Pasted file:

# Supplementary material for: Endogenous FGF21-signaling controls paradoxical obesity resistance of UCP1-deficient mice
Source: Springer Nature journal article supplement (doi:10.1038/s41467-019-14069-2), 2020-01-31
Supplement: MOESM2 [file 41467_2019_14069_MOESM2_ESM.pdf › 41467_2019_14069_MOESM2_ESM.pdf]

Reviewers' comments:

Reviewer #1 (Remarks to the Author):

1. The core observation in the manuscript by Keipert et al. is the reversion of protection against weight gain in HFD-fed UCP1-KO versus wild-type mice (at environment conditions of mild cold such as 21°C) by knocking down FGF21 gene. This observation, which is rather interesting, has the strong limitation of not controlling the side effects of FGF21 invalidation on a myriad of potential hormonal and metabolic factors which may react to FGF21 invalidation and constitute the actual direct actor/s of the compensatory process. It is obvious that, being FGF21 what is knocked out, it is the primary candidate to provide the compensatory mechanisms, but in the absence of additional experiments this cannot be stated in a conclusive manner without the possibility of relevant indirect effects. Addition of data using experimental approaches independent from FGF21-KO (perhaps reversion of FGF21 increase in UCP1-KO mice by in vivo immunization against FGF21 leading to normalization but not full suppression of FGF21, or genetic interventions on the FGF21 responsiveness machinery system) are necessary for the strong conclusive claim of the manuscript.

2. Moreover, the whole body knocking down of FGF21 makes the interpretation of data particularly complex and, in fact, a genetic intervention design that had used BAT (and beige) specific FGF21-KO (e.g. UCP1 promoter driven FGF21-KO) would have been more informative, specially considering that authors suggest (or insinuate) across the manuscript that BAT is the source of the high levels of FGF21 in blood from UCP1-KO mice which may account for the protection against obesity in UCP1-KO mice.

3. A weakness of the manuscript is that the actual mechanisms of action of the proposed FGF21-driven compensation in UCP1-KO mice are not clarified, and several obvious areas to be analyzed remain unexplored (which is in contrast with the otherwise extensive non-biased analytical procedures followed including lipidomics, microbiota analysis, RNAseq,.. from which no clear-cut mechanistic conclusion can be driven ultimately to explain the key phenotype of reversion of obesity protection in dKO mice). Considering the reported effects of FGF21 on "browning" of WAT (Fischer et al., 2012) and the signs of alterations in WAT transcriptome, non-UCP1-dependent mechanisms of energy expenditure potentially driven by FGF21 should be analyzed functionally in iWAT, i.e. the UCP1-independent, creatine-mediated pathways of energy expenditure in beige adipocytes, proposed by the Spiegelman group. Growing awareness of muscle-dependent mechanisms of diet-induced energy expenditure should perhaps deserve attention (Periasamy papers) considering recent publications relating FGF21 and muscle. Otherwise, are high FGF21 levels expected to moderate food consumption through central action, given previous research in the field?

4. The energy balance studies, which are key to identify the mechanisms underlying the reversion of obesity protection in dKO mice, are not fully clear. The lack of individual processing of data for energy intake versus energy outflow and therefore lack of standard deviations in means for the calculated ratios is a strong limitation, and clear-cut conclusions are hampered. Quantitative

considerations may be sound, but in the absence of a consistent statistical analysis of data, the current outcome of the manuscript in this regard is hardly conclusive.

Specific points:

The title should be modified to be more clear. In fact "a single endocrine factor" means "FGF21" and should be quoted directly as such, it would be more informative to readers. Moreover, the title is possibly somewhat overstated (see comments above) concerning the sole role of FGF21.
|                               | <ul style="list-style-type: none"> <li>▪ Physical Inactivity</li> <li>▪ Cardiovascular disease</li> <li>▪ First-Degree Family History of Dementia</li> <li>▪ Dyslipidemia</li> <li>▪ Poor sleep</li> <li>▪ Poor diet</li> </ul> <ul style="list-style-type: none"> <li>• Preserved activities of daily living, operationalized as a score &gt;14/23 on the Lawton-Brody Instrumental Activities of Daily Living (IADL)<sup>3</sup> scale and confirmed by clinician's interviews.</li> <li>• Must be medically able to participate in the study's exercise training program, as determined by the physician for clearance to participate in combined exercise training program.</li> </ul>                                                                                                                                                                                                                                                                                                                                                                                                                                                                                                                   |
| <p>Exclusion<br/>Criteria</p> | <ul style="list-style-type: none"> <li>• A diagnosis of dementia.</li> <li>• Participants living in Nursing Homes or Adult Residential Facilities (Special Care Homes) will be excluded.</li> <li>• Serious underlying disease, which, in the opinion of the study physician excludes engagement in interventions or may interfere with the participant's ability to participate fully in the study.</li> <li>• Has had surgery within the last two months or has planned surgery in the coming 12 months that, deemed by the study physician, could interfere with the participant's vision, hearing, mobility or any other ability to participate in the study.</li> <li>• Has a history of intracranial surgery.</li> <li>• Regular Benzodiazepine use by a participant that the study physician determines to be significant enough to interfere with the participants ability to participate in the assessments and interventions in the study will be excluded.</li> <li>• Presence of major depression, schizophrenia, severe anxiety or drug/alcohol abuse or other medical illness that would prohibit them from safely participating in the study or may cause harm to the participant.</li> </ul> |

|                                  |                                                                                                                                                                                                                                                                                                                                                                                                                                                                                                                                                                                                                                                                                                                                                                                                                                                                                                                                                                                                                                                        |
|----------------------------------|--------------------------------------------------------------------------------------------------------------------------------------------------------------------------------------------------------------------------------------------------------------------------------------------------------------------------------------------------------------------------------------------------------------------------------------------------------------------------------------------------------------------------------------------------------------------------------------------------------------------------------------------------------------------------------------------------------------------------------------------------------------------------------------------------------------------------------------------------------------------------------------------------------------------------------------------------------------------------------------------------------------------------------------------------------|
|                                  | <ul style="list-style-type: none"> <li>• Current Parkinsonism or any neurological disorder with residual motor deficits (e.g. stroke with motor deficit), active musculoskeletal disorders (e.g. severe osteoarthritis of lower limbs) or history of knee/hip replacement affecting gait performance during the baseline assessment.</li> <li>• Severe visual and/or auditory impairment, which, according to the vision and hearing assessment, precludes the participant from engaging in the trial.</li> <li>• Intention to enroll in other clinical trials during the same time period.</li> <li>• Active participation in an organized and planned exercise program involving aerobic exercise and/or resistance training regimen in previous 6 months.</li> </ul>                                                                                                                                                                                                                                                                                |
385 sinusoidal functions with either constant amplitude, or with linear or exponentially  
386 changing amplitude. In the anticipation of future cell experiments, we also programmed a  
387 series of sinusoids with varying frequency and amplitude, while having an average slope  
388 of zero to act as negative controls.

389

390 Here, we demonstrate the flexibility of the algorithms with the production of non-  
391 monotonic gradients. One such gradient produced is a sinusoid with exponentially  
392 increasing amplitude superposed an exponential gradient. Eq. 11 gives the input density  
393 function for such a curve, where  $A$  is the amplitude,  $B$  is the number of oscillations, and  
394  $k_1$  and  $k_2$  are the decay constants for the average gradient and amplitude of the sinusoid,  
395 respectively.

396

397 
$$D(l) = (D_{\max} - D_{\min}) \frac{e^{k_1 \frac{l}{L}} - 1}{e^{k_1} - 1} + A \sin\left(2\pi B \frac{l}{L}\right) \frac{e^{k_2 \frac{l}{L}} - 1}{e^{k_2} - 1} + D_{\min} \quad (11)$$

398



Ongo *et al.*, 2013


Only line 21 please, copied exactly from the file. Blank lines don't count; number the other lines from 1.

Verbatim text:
388 of zero to act as negative controls.